India’s official gross domestic product or GDP data is now officially a joke. There have been controversies about the methodology of the new series ever since it was introduced in 2015. There are major discrepancies between the new series and the old, and there are discrepancies between verifiable high-speed data, and the GDP numbers.

Now it turns out that the cornerstone of the new series is based on shifting sand. The new series uses corporate data gleaned from MCA-21 database. A National Sample Survey Office or NSSO survey discovered that 36% of the companies listed in the database either did not exist, or were misclassified.

Applying the old dictum “Garbage in, Garbage out”, that means the GDP numbers are – if not exactly garbage – less than trustworthy if we are going to be polite about it.

Many economists have already moved away from those numbers and started to use their own personal models to estimate economic growth rates. Those models all indicate that India’s economy is in slowdown, and likely to face severe structural problems as well.

Problem with the new series

In brief, the new methodology has a base date of 2011-’12. When, after much delay, an official back series was released in November 2018, it stated that growth between 2004-2012 was lower than indicated in the earlier data series.

As it happens, the growth acceleration – according to the new series – coincided with the period when the BJP government was in charge, while the downward revisions affected the period when the Congress-led United Progressive Alliance government was in charge between 2004 and 2014.

This is perhaps not coincidental. PC Mohanan, a member of the National Statistical Commission who resigned in protest in January, said that the commission’s back-series calculations were rejected by the government because they indicated that growth rates during the United Progressive Alliance years were higher.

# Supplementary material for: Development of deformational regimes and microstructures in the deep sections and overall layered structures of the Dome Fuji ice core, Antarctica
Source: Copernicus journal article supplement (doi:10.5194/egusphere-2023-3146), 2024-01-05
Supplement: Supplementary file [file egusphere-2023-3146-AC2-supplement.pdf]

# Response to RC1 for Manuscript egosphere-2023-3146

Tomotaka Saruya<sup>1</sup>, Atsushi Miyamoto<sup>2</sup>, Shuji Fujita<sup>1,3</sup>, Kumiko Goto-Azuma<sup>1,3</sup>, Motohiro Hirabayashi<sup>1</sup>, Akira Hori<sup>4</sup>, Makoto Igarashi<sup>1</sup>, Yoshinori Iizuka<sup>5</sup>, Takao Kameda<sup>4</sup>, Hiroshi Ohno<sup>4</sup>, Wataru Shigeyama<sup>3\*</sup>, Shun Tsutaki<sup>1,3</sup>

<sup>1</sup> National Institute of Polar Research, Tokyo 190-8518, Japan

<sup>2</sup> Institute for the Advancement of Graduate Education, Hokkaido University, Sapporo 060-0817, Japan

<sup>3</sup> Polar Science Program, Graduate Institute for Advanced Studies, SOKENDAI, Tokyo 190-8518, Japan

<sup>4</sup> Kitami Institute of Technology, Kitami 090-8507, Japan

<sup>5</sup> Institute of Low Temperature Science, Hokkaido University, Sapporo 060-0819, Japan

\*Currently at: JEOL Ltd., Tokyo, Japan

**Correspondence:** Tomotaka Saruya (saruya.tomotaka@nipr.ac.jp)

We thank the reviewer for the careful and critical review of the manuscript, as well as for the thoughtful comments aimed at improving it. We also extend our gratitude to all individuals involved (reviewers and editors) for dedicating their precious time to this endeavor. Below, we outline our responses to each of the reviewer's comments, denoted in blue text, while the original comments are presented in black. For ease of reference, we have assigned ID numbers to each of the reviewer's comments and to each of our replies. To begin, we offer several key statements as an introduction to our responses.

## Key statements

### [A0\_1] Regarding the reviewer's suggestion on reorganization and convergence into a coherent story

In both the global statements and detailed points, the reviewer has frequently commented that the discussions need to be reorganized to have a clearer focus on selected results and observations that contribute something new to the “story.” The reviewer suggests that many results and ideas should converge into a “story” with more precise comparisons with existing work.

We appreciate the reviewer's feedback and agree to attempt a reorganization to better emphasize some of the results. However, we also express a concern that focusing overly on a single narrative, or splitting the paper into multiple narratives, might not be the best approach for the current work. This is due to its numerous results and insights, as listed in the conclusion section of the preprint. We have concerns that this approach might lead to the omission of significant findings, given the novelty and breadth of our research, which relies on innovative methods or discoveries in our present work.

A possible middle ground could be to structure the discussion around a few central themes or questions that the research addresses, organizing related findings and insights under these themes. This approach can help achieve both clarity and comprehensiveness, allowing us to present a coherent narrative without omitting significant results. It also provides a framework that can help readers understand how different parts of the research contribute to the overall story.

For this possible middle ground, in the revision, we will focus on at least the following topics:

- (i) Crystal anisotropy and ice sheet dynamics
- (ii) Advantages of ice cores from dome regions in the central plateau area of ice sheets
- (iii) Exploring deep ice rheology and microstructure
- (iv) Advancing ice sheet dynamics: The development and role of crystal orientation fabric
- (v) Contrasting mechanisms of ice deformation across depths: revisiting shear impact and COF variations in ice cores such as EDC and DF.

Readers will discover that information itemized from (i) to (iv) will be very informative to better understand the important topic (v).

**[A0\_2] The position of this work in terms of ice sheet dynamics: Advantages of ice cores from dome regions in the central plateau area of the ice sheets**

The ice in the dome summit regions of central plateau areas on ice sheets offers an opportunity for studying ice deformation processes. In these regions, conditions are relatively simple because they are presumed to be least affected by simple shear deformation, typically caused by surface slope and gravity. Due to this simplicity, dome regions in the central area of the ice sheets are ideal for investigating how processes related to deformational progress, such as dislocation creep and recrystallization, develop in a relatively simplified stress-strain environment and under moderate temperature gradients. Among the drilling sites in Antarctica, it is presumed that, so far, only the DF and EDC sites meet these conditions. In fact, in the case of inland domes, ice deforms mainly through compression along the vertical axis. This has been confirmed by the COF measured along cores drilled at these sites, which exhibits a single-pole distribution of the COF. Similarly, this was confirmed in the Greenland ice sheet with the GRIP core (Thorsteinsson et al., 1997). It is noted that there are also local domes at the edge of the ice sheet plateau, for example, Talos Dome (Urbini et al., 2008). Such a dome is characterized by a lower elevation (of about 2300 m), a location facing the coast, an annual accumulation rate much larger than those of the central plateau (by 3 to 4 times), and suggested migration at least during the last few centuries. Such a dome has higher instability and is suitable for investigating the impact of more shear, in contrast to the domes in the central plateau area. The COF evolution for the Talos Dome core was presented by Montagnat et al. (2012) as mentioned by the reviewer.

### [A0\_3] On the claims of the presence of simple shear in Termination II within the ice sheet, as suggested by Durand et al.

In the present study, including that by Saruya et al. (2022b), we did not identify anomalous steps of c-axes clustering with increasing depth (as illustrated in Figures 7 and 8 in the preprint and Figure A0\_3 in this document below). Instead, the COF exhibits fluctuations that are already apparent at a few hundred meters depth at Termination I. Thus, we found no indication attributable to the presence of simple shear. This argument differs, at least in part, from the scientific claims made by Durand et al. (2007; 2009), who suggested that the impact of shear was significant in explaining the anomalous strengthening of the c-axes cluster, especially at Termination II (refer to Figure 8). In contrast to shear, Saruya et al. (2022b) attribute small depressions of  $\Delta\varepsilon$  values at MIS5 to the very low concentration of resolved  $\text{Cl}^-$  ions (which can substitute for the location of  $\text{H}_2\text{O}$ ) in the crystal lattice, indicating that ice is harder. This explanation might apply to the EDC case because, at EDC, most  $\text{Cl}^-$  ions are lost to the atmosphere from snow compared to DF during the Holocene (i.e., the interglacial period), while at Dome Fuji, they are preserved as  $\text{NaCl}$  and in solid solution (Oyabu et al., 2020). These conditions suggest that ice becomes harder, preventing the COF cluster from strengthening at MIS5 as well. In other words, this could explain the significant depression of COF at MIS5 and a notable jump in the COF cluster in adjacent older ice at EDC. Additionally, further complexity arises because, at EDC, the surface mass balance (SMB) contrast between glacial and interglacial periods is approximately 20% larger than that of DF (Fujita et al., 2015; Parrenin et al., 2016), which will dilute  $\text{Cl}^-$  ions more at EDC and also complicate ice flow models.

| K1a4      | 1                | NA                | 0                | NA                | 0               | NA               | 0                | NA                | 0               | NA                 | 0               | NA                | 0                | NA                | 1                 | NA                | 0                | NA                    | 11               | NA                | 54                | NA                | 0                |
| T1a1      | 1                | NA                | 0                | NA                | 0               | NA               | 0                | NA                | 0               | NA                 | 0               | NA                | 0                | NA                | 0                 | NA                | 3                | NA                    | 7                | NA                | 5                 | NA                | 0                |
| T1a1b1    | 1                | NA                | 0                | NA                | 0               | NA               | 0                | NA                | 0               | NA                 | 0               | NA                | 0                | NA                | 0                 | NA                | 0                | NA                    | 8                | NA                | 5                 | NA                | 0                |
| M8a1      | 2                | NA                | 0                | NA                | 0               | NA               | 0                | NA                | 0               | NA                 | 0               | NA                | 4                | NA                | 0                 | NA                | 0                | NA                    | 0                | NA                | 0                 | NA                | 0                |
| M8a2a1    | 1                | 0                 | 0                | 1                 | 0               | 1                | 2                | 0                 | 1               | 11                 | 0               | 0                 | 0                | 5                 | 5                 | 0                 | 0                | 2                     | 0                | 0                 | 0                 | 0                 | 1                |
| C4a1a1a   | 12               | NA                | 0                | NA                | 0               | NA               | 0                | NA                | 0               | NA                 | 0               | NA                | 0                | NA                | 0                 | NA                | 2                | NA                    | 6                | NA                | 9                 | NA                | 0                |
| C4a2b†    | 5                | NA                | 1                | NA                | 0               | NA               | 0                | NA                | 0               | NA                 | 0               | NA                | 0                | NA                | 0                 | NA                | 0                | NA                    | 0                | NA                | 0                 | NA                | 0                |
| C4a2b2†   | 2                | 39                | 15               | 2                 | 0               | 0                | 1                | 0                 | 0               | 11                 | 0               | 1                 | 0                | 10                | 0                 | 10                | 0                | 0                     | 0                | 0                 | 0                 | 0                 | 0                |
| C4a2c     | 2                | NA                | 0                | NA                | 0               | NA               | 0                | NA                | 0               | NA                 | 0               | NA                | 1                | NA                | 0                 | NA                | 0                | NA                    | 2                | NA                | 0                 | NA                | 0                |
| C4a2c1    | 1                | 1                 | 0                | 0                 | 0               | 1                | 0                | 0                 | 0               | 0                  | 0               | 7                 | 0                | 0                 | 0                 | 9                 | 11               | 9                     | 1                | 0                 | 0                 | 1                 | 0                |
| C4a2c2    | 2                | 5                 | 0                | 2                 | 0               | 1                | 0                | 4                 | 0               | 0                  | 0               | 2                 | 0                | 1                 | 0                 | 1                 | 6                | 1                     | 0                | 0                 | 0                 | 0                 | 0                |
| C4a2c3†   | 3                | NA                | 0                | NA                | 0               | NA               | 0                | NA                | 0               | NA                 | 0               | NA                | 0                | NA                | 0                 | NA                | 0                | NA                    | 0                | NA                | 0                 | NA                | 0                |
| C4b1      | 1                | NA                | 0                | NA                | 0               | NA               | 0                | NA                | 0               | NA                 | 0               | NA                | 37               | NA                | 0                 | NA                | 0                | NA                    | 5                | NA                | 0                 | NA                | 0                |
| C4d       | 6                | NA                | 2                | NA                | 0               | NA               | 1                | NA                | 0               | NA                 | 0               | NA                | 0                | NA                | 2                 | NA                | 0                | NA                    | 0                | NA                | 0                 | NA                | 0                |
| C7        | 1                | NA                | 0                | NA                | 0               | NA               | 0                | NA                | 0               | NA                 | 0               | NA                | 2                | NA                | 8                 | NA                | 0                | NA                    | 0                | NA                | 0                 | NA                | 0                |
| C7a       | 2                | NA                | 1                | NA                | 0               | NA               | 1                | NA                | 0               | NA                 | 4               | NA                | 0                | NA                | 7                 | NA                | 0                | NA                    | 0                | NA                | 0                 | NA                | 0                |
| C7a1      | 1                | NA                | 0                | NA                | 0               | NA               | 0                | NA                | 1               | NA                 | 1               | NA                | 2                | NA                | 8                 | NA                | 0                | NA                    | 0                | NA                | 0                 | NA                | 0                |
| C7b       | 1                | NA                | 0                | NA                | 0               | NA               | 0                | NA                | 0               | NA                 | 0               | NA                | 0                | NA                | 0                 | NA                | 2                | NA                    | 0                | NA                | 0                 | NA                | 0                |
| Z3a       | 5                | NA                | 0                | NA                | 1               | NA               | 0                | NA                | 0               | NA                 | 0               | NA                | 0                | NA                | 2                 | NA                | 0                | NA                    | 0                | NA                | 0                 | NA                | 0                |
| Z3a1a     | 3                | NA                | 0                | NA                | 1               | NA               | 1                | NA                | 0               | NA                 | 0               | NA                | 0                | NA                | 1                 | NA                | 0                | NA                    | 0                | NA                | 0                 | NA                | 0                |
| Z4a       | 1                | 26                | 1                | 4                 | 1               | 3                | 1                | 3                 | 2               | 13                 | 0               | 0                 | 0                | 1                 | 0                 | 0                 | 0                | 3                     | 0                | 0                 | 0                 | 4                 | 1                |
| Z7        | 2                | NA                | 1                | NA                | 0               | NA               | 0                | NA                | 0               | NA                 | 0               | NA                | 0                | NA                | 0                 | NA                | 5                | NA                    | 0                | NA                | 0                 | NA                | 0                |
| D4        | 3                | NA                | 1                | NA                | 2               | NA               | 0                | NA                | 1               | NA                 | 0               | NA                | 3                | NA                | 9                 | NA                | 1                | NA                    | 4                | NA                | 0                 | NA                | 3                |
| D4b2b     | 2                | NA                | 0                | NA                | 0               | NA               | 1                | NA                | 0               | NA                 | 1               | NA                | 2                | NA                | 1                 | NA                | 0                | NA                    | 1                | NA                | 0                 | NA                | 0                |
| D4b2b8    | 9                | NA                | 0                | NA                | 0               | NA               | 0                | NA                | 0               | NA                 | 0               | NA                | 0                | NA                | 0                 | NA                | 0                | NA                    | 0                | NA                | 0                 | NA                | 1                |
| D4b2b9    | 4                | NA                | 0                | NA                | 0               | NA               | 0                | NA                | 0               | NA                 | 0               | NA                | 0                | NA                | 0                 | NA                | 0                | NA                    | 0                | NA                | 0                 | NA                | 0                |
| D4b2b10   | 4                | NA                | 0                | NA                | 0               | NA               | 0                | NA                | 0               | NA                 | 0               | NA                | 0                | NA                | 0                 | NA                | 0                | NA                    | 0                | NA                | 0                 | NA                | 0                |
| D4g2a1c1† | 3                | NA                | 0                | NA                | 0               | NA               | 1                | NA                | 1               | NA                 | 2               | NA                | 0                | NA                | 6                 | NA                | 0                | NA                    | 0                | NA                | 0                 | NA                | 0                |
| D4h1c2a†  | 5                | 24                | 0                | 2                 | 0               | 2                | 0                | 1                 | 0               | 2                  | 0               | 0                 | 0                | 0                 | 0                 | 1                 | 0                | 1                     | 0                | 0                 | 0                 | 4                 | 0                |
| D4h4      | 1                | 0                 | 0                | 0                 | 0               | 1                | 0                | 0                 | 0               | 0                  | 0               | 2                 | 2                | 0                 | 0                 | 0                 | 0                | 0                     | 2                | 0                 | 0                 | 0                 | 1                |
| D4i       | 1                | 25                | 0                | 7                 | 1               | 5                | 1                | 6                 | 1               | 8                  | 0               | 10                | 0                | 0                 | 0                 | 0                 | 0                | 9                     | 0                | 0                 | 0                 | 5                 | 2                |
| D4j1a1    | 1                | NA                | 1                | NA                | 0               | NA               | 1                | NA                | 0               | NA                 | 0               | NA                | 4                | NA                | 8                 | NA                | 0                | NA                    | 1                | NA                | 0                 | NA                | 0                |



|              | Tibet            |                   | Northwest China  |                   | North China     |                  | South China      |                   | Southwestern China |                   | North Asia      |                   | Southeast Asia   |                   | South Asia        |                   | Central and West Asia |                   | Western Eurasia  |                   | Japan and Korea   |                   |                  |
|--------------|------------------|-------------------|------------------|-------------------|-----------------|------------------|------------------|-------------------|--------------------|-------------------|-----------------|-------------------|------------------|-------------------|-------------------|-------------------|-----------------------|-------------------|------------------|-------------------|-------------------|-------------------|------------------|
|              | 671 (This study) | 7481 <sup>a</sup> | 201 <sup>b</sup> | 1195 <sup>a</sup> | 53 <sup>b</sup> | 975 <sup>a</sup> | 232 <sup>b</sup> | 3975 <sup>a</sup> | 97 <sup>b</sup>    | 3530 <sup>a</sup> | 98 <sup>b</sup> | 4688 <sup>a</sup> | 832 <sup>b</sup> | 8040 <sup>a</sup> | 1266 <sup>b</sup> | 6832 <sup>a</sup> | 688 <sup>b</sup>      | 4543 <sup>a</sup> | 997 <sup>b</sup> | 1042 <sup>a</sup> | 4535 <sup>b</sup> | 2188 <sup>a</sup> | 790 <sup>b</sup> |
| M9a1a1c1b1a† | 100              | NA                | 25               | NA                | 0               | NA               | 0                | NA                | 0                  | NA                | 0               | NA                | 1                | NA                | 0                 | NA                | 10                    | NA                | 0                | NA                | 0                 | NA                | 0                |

The first problem with the new series was that it consistently failed to align with other verifiable, high-speed and long-term indicators. According to the new series, GDP growth was zooming at a time when unemployment was up, corporate results were flattening, car sales were flat, railway freight movement was barely growing, tax revenues were lower than expected, and so on.

The International Monetary Fund’s chief economist and many other economists, pointed to the fact that there was a problem with the deflator. The deflator is the ratio by which nominal numbers are changed in order to allow for inflation effects. Those problems with the deflator remain but now, we must assume that the nominal numbers are suspect as well.

The verifiable bad news

Let us do a quick recap of the verifiable bad news. Automobile sales across all categories – two-wheelers, passenger cars, commercial vehicles – have trended down sharply over the past few months. The number of vehicles sold has declined by over 10% in the 2019 year.

Auto sales reflect demand. Commercial vehicle sales are a good proxy for business activity. The auto industry has a long value chain, absorbing materials ranging from basic metals, rubber, leather, plastics, composites, to high-end electronic gadgetry. It is a big contributor to financial sector activity since auto manufacture is capital-intensive and almost every vehicle is financed on EMI.